If you click the image, you'll see that I have just about every bit of equipment labeled.

Strobist Info:
* Key: Alien Bees B800 studio strobe shot into Alien Bees large foldable softbox with grid, camera right.
* Fill: Nikon SB-28 speedlight shot into Westcott 43" Shoot-Through Umbrella, camera left, 1 to 1.5 stops below key, triggered by Pocket Wizard wireless flash trigger.
* Background lighting: Canon 430EX triggered by Pocket wizard, Nikon SB-26 triggered by built-in optical trigger, both at about 1.5 stops below key, pointed into white back. I used the velcro compartment separators from my camera bag as gobos on the two background flashes

Background: Savage 107" Super White Seamless Background Paper

Floor: Two sheets of white tile board, the front one overlapping the back one, which overlaps the paper.

Friday, August 14, 2009

Jupiter, Io, Europa, Ganymede, Callisto

** No telescope used **

This is a composite of 10 shots taken of Jupiter (Io, Europa, Ganymede, and Callisto), with my 500mm f/8 mirror lens and Canon 40D at ISO1600, f/8 (fixed), 1/6 second, showing the major four moons of Jupiter. There are at least 63 moons in all.

To avoid any vibrations in the camera, I used a tripod (w/ ballhead), cable shutter release, and mirror lock-up.

I manually focused in live view at 10X, which was tough because every touch of the lens would wobble the subject all over the place. This is such a tight zoom at 500mm that you can actually see Jupiter moving across the LCD screen. I'd then turn off live view mode, wait a few seconds to let the vibrations stop, then fire the shutter with the cable release. This just flips the mirror up, which causes a tiny amount of vibrations. I waited another couple of seconds, then fired off another cable release shutter click to take the photo.

After ten shots, I cropped the photos as close to the same spot in each photo, then stacked them all together in Lynkeos.

This is screenshot from Stellarium, showing the expected positions of the four moons at the time I took this shot.

Friday, July 24, 2009

Better to Burn Out

(This is the sun, not the moon)

View On Black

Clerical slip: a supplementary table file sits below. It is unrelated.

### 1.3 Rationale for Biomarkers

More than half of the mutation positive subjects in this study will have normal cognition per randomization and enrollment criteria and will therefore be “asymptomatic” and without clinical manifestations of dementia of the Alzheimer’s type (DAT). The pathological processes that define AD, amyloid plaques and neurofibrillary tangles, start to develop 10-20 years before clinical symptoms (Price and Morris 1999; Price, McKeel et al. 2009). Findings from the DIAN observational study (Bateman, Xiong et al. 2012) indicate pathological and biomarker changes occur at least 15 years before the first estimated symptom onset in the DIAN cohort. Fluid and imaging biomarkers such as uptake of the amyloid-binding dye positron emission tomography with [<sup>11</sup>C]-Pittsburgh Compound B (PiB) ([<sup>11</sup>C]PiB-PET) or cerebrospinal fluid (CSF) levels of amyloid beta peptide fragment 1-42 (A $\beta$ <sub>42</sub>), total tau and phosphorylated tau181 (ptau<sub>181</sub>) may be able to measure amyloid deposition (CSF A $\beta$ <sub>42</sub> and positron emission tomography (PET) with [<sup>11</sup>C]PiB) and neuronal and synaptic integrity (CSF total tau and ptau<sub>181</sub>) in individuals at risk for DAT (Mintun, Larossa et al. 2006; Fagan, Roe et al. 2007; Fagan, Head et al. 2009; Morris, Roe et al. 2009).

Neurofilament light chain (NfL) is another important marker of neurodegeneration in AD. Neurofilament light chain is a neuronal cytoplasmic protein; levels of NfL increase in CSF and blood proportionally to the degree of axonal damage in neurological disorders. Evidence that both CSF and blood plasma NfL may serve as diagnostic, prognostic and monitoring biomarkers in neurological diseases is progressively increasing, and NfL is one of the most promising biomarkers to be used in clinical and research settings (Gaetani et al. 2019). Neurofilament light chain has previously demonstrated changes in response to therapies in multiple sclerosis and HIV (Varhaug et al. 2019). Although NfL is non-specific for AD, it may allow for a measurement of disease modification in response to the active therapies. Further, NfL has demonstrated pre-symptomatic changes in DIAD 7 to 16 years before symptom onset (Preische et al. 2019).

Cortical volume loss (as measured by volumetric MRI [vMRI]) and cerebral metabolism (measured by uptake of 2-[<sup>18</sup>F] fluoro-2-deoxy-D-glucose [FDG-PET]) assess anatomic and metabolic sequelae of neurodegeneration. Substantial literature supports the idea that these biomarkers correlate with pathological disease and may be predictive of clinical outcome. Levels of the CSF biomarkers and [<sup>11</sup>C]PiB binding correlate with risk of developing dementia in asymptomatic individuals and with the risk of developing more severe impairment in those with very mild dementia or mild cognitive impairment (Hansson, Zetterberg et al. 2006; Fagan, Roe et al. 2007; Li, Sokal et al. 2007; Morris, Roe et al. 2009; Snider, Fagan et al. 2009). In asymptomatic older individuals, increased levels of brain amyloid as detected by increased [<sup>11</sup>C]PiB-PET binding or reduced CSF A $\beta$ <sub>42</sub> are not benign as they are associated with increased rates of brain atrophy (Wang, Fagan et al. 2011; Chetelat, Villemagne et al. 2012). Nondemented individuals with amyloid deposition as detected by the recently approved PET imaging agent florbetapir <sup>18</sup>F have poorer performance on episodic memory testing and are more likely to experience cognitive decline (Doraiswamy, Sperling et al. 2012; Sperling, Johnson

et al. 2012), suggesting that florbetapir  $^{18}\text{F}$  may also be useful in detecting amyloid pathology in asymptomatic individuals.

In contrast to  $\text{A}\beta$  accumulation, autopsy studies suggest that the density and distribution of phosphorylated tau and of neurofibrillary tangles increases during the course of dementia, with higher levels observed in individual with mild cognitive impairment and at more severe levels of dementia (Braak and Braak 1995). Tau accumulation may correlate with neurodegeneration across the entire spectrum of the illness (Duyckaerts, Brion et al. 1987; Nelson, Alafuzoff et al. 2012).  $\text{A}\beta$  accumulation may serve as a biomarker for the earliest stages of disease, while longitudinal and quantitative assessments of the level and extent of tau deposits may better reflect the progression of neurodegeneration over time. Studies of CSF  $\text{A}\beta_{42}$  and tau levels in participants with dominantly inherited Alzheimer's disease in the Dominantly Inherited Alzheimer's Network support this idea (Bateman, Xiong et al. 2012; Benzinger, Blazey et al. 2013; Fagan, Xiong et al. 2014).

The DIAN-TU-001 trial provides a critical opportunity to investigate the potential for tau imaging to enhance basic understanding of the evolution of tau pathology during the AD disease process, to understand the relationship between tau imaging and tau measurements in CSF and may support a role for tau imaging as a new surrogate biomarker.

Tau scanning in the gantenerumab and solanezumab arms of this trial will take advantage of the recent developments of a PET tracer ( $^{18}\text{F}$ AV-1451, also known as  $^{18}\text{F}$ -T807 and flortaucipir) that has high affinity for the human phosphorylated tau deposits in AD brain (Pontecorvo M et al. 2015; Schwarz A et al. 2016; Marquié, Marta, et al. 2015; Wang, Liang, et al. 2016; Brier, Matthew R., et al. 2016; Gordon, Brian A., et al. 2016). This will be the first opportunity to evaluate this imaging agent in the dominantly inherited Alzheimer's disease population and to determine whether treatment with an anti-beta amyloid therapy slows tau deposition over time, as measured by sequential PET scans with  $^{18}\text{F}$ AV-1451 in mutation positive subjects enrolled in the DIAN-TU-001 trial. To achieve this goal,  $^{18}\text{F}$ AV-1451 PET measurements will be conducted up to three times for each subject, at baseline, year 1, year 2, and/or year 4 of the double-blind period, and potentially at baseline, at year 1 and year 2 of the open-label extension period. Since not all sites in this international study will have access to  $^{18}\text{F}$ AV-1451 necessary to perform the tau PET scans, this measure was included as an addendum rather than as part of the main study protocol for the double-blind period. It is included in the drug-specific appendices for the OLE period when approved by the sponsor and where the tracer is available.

Shot while trying to capture a sunspot - I'm going to need a neutral density filter or welding glass for any luck - this was f/32, 1/8000, ISO100.

Tuesday, July 7, 2009

International Space Station (ISS) - Without Telescope

This might not look like much, but it's a view of the International Space Station pieced together from 19 photos taken without a telescope. I used my 500mm f/8 (fixed) catadioptric mirror lens, shooting at f/8, ISO800, 1/1500. Thanks to fyngyrz for the exposure info. It's important to realize that this is a sunlit - very bright - object, so we need the quick exposure.

The ISS travels at an average speed of 17,209 mph, completing 15.7 orbits a day. The orbit is very predictable, and using the charts at Heavens-Above, you can find out exactly when it will show up in your night sky. I was prepared for tonight's passing, having already manually focused on the moon with 10X live view, keeping the camera on tripod and pointed WSW, where tonight's transit would begin.

I found it very difficult tracking it with such a tight telephoto, keeping one eye outside the camera to help get it in my viewfinder. Once I narrowed it down, I led it by a full frame, parked the camera in the tripod's ballhead, and snapped away for the two seconds it would stay in frame before switching views to keep up. I took the cleanest shots at its peak of 57 degrees above the horizon.

I wasn't sure I had a single useable capture as I walked back from the shoot, but once I looked on the computer, I almost couldn't believe what I was seeing. A 10 megapixel photo will take up about 4 full monitors worth of screen real estate. When viewed at that full resolution, the ISS is much smaller than a fly - a little speck with three blobs - the space station and its two big solar panel arrays.

I took about 90 shots of the space station tonight, throwing away all but the best 20, then stacking (combining) them together in Lynkeos. Stacking several images of the same shot helps remove the random noise due to atmospheric distortion. After enlarging and correcting the white balance, this is the final result. Take a look at one of the raw shots to see what I mean - and keep in mind that I'm zoomed in at an effective 800mm (500mm x 1.6 crop factor) and the crop of just the space station.